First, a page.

Many aspiring birders have problems with Little Brown Jobs, as they call them, and they would include many species of warblers in this category. However, as the below pictures hopefully illustrate many of them are at lot more brightly coloured than such an epithet would imply.
Next term we will spend a considerable amount of time listening to these wonderful songsters, and examining their plumage as they occasionally sing out in the open for everyone to see. When they first return they will be busy establishing a territory, so should spend some time away from deep cover, but as the term progresses they will become progressively harder to track down. The venues have been specially selected, so that sightings of a warbler species one week will often be reinforced the following week. In this way I hope that participants will be able to identify all 9 species of warbler, both visually and aurally, by the conclusion of the term.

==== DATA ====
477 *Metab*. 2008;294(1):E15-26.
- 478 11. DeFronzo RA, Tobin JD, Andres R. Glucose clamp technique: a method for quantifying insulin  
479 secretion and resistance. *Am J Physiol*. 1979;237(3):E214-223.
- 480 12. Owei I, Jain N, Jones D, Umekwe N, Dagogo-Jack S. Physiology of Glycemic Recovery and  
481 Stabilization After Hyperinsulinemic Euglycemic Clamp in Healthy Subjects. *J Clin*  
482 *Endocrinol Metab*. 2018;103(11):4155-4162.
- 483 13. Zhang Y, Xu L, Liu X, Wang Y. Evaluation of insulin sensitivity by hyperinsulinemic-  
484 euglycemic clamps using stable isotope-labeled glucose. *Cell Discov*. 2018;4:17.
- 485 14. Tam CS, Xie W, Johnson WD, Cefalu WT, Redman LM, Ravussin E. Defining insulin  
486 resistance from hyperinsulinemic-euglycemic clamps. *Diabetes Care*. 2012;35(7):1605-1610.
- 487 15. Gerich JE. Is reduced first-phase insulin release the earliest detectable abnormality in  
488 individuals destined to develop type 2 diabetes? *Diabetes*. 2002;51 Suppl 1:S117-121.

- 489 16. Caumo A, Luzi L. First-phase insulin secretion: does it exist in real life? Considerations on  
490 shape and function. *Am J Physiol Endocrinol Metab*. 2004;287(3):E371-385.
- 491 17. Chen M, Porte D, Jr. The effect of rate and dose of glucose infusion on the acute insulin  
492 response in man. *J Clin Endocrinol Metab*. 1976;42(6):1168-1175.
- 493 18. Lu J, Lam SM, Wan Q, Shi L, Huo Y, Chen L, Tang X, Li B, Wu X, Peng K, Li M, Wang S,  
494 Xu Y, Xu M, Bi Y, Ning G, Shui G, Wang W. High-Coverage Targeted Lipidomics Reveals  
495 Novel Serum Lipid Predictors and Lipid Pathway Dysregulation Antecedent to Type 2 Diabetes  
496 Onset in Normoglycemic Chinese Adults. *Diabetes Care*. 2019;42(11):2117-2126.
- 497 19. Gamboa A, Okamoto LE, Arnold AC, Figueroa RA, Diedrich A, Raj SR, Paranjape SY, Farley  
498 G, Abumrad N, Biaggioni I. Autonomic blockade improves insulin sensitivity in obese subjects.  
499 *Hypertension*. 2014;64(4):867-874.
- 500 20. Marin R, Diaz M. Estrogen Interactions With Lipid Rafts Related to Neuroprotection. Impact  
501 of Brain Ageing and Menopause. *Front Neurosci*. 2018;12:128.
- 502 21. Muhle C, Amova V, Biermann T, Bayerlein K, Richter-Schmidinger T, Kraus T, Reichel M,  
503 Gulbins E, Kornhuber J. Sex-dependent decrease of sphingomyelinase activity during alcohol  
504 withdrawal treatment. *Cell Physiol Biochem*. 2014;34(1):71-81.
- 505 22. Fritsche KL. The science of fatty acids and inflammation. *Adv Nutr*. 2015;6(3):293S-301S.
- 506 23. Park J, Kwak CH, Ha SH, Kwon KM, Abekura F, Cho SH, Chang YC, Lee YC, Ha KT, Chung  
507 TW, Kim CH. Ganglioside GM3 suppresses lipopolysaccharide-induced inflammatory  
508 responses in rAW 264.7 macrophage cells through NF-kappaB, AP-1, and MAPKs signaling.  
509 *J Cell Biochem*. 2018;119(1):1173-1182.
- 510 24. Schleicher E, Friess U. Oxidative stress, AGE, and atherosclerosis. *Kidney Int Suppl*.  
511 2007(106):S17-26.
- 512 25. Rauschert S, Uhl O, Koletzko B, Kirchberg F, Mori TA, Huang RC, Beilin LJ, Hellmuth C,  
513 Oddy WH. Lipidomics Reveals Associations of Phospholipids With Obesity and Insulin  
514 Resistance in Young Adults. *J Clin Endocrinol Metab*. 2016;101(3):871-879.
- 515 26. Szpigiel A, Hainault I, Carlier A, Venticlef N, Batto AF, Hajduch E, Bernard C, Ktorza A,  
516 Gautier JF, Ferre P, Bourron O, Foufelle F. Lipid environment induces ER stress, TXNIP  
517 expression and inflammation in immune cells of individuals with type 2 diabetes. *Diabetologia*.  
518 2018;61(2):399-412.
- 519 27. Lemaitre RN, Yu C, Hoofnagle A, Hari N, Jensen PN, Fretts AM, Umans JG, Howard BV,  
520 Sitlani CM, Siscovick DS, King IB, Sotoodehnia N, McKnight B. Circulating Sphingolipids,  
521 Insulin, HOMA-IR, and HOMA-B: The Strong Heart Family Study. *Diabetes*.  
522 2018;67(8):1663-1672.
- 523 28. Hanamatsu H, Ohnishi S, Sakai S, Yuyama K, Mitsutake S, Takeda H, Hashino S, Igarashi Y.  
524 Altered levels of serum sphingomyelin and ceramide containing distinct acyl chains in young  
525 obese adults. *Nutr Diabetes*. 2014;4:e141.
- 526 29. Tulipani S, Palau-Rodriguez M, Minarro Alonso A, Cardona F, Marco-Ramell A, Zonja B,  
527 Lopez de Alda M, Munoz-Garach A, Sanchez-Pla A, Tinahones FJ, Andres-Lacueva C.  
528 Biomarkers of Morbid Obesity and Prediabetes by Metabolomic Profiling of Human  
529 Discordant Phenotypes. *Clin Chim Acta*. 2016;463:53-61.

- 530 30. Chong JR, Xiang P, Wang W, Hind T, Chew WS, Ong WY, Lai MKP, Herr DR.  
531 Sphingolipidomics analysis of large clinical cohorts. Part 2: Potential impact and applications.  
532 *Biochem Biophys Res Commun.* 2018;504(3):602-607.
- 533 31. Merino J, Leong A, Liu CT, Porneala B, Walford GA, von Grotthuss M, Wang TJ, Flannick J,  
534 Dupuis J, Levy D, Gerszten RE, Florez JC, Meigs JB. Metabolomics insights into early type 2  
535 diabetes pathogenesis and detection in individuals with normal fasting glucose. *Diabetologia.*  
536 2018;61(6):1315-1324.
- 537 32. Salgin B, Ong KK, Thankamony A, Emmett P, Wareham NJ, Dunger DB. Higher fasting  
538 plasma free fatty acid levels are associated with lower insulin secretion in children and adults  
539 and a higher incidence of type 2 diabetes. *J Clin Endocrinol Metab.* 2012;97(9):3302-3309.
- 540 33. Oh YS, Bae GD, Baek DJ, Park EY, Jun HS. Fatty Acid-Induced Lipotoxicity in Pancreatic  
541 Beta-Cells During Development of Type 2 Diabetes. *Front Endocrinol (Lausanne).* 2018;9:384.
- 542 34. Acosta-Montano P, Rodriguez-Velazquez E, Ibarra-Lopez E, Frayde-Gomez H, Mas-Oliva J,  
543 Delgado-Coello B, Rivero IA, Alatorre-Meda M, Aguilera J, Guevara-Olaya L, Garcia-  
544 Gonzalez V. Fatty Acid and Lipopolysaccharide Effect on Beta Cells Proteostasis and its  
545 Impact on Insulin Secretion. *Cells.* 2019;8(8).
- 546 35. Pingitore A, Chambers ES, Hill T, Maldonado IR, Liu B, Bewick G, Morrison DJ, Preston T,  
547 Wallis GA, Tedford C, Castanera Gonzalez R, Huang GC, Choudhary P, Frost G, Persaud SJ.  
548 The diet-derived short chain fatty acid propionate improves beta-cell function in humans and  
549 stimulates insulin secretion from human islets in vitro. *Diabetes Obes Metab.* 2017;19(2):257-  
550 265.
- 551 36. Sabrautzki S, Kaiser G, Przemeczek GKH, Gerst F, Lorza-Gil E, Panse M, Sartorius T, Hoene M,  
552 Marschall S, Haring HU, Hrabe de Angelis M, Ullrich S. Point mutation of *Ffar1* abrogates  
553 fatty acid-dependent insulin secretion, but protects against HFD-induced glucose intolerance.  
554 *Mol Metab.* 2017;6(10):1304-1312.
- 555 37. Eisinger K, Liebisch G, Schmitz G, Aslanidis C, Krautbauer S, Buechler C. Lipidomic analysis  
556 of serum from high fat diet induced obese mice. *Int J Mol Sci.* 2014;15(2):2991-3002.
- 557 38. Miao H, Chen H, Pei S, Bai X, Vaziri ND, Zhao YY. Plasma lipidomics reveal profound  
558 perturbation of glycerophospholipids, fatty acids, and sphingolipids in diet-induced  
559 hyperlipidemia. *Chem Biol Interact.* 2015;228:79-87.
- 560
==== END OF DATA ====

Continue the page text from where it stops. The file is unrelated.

I haven't included a picture of a Blackcap here, but you can see one of them on the previous post. We are going to at least 2 venues where the Grasshopper Warbler is a possibility, but we are less likely to see one of these then almost any of the others. We may be very lucky to come across a Cetti's Warbler, but I haven't a decent photo of that species to show you. We probably have a zero % chance of seeing a Wood Warbler in our East Yorkshire trips, but we can dream, can't we?